Washington, DC – The Group of 20, the powerful international organization whose heads of state will meet next week in Mexico to discuss the global economy, needs to change its membership criteria in order to establish a legitimacy that is fast depleting at a critical time. That is the conclusion of a new study published by the 362,000-member National Taxpayers Union (NTU). The study suggests replacing four current members of the G20 based on proposed membership criteria.
“With the anemic economic recovery weakening, global leaders should quickly consider how to fulfill the G20’s potential for building economic stability,” write the study’s authors, Alex M. Brill and James K. Glassman. “The place to start is by establishing criteria for membership and adjusting the group’s composition accordingly.” The G20 currently has no clear, concrete membership criteria. Members of the G20 will meet June 18-19 in Los Cabos, Mexico.
The authors develop a system that uses key numerical indicators that measure nations’ size, governance, and financial interconnectedness to establish country-by-country rankings for current and potential G20 members. Their goal: to create a set of objective criteria and practical methodology establishing membership criteria.
Having clear membership criteria would give the G20 the legitimacy and trust it needs to fulfill its stated objectives: restoring global growth, strengthening the international financial system, and reforming international financial institutions. Based on their proposed criteria, the authors find:
- Two current G20 countries—Argentina and Indonesia—fall far short of the proposed membership criteria and should be removed from the body: Argentina and Indonesia.
- Two other current G20 countries – Russia and Mexico – fail to qualify by a very small margin.
- Four current nonmembers – Malaysia, Norway, Singapore, and Switzerland – should replace these countries.
- Membership should be reevaluated periodically – a minimum of every five years and a maximum of every ten years. Such a system would lend further legitimacy to the G20 as well as provide “an incentive for countries on the cusp of gaining membership to implement reforms or strengthen their economies’ growth prospects.”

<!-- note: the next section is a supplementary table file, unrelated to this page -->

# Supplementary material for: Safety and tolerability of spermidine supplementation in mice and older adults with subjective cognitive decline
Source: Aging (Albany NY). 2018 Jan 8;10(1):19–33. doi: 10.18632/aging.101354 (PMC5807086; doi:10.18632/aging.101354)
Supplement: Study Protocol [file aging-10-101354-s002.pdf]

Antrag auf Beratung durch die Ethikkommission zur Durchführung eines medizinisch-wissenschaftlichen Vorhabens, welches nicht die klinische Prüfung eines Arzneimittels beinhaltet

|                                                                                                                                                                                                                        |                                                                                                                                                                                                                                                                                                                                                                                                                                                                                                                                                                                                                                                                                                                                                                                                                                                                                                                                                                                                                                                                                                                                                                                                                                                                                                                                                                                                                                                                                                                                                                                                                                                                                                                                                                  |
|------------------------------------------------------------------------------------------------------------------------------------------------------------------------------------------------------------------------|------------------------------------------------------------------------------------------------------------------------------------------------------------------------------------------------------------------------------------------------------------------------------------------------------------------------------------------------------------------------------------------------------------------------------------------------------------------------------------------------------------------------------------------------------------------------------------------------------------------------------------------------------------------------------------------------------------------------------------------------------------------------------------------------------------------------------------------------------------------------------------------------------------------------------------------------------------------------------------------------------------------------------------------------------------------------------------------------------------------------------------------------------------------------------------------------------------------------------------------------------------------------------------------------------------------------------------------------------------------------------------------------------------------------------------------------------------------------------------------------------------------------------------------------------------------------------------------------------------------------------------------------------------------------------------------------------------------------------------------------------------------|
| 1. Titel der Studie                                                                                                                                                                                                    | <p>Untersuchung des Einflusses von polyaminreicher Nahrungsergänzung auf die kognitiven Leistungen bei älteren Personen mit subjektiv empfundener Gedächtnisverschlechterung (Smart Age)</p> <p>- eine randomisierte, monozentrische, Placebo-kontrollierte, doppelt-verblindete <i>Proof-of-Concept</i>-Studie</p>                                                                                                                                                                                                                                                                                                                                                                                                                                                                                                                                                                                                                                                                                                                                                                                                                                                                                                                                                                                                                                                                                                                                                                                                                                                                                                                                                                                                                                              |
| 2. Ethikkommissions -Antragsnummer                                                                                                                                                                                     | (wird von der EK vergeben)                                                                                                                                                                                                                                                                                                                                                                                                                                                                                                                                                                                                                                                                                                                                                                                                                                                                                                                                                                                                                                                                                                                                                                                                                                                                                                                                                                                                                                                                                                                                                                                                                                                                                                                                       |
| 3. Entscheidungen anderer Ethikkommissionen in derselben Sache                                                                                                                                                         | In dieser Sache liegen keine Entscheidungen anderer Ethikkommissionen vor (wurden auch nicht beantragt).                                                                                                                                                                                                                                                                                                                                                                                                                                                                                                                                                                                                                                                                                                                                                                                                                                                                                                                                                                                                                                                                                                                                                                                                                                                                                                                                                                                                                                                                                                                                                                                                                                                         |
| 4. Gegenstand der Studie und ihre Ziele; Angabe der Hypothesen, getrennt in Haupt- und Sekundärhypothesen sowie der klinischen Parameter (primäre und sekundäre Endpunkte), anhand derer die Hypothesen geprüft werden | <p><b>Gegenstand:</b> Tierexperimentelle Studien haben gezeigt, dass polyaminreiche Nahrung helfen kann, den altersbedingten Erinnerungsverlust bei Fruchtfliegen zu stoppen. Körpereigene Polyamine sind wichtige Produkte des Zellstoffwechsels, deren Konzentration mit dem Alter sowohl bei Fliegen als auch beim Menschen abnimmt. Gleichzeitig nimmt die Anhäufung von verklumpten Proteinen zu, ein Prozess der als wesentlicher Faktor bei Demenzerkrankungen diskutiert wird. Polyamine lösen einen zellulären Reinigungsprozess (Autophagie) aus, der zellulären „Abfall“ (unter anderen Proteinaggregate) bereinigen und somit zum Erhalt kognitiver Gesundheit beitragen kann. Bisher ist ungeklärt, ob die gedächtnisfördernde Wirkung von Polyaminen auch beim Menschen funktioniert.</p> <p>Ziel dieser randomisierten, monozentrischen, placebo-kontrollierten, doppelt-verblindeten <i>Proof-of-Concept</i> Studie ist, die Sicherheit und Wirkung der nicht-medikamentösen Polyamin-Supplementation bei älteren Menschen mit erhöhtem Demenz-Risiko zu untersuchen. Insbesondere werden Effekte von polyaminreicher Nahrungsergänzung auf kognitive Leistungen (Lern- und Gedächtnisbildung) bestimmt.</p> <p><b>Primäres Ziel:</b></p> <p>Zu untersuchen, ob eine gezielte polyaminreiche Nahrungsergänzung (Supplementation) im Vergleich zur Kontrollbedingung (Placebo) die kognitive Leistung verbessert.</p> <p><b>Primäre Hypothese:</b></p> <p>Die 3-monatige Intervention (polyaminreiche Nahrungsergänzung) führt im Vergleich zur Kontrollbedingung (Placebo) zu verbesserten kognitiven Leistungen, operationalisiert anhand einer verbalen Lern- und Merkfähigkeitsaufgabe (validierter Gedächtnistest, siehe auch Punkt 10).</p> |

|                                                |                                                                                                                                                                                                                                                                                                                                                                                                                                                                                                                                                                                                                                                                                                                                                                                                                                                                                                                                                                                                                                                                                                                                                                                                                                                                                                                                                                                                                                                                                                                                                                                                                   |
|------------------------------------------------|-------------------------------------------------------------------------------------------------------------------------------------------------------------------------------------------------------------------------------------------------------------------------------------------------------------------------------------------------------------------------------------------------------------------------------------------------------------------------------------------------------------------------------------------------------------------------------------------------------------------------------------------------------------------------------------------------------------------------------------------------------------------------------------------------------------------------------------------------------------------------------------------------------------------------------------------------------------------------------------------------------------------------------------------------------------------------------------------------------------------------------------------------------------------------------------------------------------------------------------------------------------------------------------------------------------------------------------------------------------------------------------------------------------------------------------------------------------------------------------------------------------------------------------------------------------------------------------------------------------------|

The authors stress that for the G20 to avoid the “political and operational baggage” of other organizations like the United Nations and the International Monetary Fund, solid membership criteria “can lend credibility to the G20 without affecting the manner in which it conducts its policymaking.”
NTU Executive Vice President Pete Sepp notes that by following Brill’s and Glassman’s recommendations, “[T]he G20 could take a first step to becoming a new model of economic policymaking that depends not on costly bailouts but more on proactive self-discipline in the common interest; such a model rewards free-market solutions from innovators instead of statist behavior from bad actors.”
NTU sponsored the study partly because of concerns that a new global financial crisis could mean additional burdens for U.S. taxpayers. NTU has long advocated for more accountable multilateral policymaking bodies that focus on practical, nimble responses to economic growth challenges instead of costly, bureaucratic interventions.
Alex M. Brill is a research fellow at the American Enterprise Institute and former chief economist and policy director to the House Ways and Means Committee.
Ambassador James K. Glassman is the Executive Director of the George W. Bush Institute and a member of the newly established Investor Advisory Committee of the Securities and Exchange Commission. He is a former U.S. Under Secretary of State for Public Diplomacy and Public Affairs.
NTU is a nonprofit, nonpartisan organization founded in 1969 to work for limited government and economic prosperity in the U.S. and around the world. Note: Who Should the Twenty Be? A New Membership System to Boost the Legitimacy of the G20 at a Critical Time for the Global Economy, is available online at www.ntu.org. To interview the study’s authors, contact Pete Sepp or Doug Kellogg at 703-683-5700 or email@example.com.